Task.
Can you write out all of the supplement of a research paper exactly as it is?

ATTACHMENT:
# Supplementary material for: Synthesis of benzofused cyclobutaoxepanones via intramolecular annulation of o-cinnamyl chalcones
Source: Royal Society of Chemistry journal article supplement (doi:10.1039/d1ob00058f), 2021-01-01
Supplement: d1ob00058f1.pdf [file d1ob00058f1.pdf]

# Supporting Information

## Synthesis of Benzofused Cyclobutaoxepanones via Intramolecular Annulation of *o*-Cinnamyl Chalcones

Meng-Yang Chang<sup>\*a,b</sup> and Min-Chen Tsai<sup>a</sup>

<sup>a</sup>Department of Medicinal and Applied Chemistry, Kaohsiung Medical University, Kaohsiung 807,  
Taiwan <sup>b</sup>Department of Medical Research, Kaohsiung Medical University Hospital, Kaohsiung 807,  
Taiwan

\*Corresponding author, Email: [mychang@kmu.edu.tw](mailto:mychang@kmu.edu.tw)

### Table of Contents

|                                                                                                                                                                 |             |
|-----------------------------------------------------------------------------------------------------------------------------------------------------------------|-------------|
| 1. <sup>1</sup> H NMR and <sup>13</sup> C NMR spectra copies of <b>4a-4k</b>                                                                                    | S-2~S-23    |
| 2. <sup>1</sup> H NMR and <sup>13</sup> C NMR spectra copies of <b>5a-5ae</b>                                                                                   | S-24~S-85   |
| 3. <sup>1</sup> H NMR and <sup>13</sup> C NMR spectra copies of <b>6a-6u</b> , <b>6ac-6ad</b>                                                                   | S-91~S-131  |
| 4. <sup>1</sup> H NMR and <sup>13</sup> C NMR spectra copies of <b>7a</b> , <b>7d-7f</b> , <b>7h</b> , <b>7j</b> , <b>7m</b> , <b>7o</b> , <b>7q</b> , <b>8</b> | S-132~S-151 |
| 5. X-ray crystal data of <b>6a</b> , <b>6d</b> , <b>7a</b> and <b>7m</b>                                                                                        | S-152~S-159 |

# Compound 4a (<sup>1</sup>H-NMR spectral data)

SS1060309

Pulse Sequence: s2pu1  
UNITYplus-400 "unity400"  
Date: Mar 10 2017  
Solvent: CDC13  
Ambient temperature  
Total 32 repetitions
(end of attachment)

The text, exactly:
# Supplementary material for: Synthesis of benzofused cyclobutaoxepanones via intramolecular annulation of o-cinnamyl chalcones
Source: Royal Society of Chemistry journal article supplement (doi:10.1039/d1ob00058f), 2021-01-01
Supplement: d1ob00058f1.pdf [file d1ob00058f1.pdf]

# Supporting Information

## Synthesis of Benzofused Cyclobutaoxepanones via Intramolecular Annulation of *o*-Cinnamyl Chalcones

Meng-Yang Chang<sup>\*a,b</sup> and Min-Chen Tsai<sup>a</sup>

<sup>a</sup>Department of Medicinal and Applied Chemistry, Kaohsiung Medical University, Kaohsiung 807,  
Taiwan <sup>b</sup>Department of Medical Research, Kaohsiung Medical University Hospital, Kaohsiung 807,  
Taiwan

\*Corresponding author, Email: [mychang@kmu.edu.tw](mailto:mychang@kmu.edu.tw)

### Table of Contents

|                                                                                                                                                                 |             |
|-----------------------------------------------------------------------------------------------------------------------------------------------------------------|-------------|
| 1. <sup>1</sup> H NMR and <sup>13</sup> C NMR spectra copies of <b>4a-4k</b>                                                                                    | S-2~S-23    |
| 2. <sup>1</sup> H NMR and <sup>13</sup> C NMR spectra copies of <b>5a-5ae</b>                                                                                   | S-24~S-85   |
| 3. <sup>1</sup> H NMR and <sup>13</sup> C NMR spectra copies of <b>6a-6u</b> , <b>6ac-6ad</b>                                                                   | S-91~S-131  |
| 4. <sup>1</sup> H NMR and <sup>13</sup> C NMR spectra copies of <b>7a</b> , <b>7d-7f</b> , <b>7h</b> , <b>7j</b> , <b>7m</b> , <b>7o</b> , <b>7q</b> , <b>8</b> | S-132~S-151 |
| 5. X-ray crystal data of <b>6a</b> , <b>6d</b> , <b>7a</b> and <b>7m</b>                                                                                        | S-152~S-159 |

# Compound 4a (<sup>1</sup>H-NMR spectral data)

SS1060309

Pulse Sequence: s2pu1  
UNITYplus-400 "unity400"  
Date: Mar 10 2017  
Solvent: CDC13  
Ambient temperature  
Total 32 repetitions